I’m all for freedom of speech and have no desire to legislate disgusting views like this off the radio, but more rational people need to pay attention to what hosts like Hunt/Savage/Levin are broadcasting in their community, and be willing to let local stations and their advertisers know when these hosts step over the line.
Update: BTW, Hunt’s brilliant argument—sexual behaviors that might create life are better than ones that don’t—would imply that incest, sex with young girls, and rape would all be preferable to gay sex, hetero sex using contraceptives, and masturbation. If you’ve ever enjoyed sex without intent to conceive, here’s to the Constitution for stopping big thinkers like Hunt from using the government against you.
“Nobody’s Home to Go Home To” was a 1969 B-side for Billie Davis that I have a weakness for. The bass playing is incredible and the song cleverly jumps between three keys, but the strings and backing vocals kind of take over the recording. I noticed this morning that they’re both panned hard right and the vocal is centered, so I got to work.
Dumped the right channel to make a mono track of the left, leaving all the essentials: drums, bass, piano, elec & acoustic guitars, a quiet organ, tambourine, and the vocal.
Made several surgical cuts to bass frequencies that took over the mix at points.
Mitigated some incidents of “breathing” and “pumping” in the breaks. This is where a compressor had turned up the gain while the band’s last note of a section was fading out. This can be done to great effect (after the snare hit at 0:21 in Elvis Costello’s “Busy Bodies”), but on this track it just sounded like a someone with coffee jitters was leaning on a fader, and it made the snare hits that preceded the following sections unnaturally loud.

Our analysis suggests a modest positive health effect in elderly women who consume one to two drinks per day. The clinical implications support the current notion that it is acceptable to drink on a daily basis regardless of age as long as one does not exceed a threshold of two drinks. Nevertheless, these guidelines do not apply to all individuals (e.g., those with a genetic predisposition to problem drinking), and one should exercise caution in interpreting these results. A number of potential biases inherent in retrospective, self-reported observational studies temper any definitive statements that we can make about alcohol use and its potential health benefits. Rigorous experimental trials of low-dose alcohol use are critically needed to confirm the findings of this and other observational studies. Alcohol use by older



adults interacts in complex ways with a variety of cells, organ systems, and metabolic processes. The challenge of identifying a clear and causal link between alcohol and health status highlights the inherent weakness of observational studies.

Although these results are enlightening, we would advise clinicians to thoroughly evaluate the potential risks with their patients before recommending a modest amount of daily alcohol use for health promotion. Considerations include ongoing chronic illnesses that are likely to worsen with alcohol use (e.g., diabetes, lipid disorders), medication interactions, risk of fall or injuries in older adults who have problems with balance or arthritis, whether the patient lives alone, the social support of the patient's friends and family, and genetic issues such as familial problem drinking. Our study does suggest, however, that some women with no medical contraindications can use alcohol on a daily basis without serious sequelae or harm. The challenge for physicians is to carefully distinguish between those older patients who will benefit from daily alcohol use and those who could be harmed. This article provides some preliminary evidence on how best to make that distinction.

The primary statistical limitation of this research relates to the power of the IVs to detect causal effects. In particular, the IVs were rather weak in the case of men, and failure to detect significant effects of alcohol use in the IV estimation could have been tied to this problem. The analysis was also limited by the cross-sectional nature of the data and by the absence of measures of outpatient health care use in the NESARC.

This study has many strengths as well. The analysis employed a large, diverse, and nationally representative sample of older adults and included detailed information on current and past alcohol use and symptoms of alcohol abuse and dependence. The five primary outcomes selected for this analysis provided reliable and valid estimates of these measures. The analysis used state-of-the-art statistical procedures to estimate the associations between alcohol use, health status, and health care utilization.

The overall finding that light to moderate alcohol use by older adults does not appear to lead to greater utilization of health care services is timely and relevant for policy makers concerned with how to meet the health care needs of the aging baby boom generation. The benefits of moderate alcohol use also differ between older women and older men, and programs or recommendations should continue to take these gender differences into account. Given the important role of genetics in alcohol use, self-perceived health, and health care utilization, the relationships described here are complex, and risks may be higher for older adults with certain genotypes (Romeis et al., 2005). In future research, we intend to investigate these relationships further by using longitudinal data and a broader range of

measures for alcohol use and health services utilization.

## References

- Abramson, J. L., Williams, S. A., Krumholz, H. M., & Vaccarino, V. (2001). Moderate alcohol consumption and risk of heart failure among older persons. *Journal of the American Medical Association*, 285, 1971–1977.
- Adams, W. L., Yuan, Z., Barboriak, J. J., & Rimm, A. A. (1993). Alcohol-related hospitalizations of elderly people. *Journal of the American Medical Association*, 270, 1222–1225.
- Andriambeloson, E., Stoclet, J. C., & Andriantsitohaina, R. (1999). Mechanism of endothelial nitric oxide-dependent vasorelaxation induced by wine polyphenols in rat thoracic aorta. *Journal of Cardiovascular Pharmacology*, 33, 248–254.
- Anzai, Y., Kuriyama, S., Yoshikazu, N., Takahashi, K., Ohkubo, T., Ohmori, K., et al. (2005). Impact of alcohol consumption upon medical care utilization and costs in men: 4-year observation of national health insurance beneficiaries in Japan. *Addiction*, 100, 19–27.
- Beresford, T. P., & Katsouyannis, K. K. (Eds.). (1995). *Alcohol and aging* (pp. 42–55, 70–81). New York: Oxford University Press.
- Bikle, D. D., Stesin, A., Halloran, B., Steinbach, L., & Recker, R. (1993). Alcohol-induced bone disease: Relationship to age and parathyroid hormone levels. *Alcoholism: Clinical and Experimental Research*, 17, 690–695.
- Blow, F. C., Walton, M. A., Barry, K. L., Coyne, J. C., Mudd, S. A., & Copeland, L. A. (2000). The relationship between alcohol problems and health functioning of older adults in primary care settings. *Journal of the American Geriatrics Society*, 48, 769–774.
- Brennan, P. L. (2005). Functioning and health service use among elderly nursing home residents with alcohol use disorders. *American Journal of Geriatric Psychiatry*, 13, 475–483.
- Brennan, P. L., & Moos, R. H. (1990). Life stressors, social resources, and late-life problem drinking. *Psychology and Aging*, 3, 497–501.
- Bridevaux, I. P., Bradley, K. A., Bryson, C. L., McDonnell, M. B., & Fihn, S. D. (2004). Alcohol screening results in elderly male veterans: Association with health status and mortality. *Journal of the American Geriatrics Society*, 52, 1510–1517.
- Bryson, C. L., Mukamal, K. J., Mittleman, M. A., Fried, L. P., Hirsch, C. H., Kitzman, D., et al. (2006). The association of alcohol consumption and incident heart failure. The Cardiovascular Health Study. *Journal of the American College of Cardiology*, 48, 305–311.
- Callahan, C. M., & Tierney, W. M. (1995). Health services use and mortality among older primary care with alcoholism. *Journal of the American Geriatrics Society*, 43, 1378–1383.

Raised some high frequencies to bring some sparkle to the vocal
Added a tiny bit of stereo echo to widen the sound
In the result, you get a more interesting intro (IMO) and a tighter rhythm section, and you can actually hear the piano, the backbeat snaps of the electric guitar, what sounds like a low temple block on the snare hits, and Billie’s quiet falsettos at the end of the choruses.
Ultimately what Haiti most needs isn’t so much aid, but trade. Aid accounts for half of Haiti’s economy, and remittances for another quarter — and that’s a path to nowhere.
The United States has approved trade preferences that have already created 6,000 jobs in the garment sector in Haiti, and several big South Korean companies are now planning to open their own factories, creating perhaps another 130,000 jobs.
“Sweatshops,” Americans may be thinking. “Jobs,” Haitians are thinking, and nothing would be more transformative for the country.
Let’s send in doctors to save people from cholera. Let’s send in aid workers to build sustainable sanitation and water systems to help people help themselves. Let’s help educate Haitian children and improve the port so that it can become an exporter. But, above all, let’s send in business investors to create jobs.
Otherwise, there will always be more needs, more crises, more tragedies, more victims. Back in the cholera treatment center here in Mirebalais, health workers were still disinfecting the bed on which Mr. Merilus had died when, in the tent next door for milder cases, a middle-aged woman suddenly collapsed.
Nurses splashed water on her face but could not revive her. So they rushed her to the main cholera hospital tent to take the newly vacant bed there.
And that is the brutal cycle of poverty in Haiti that only jobs and trade can break.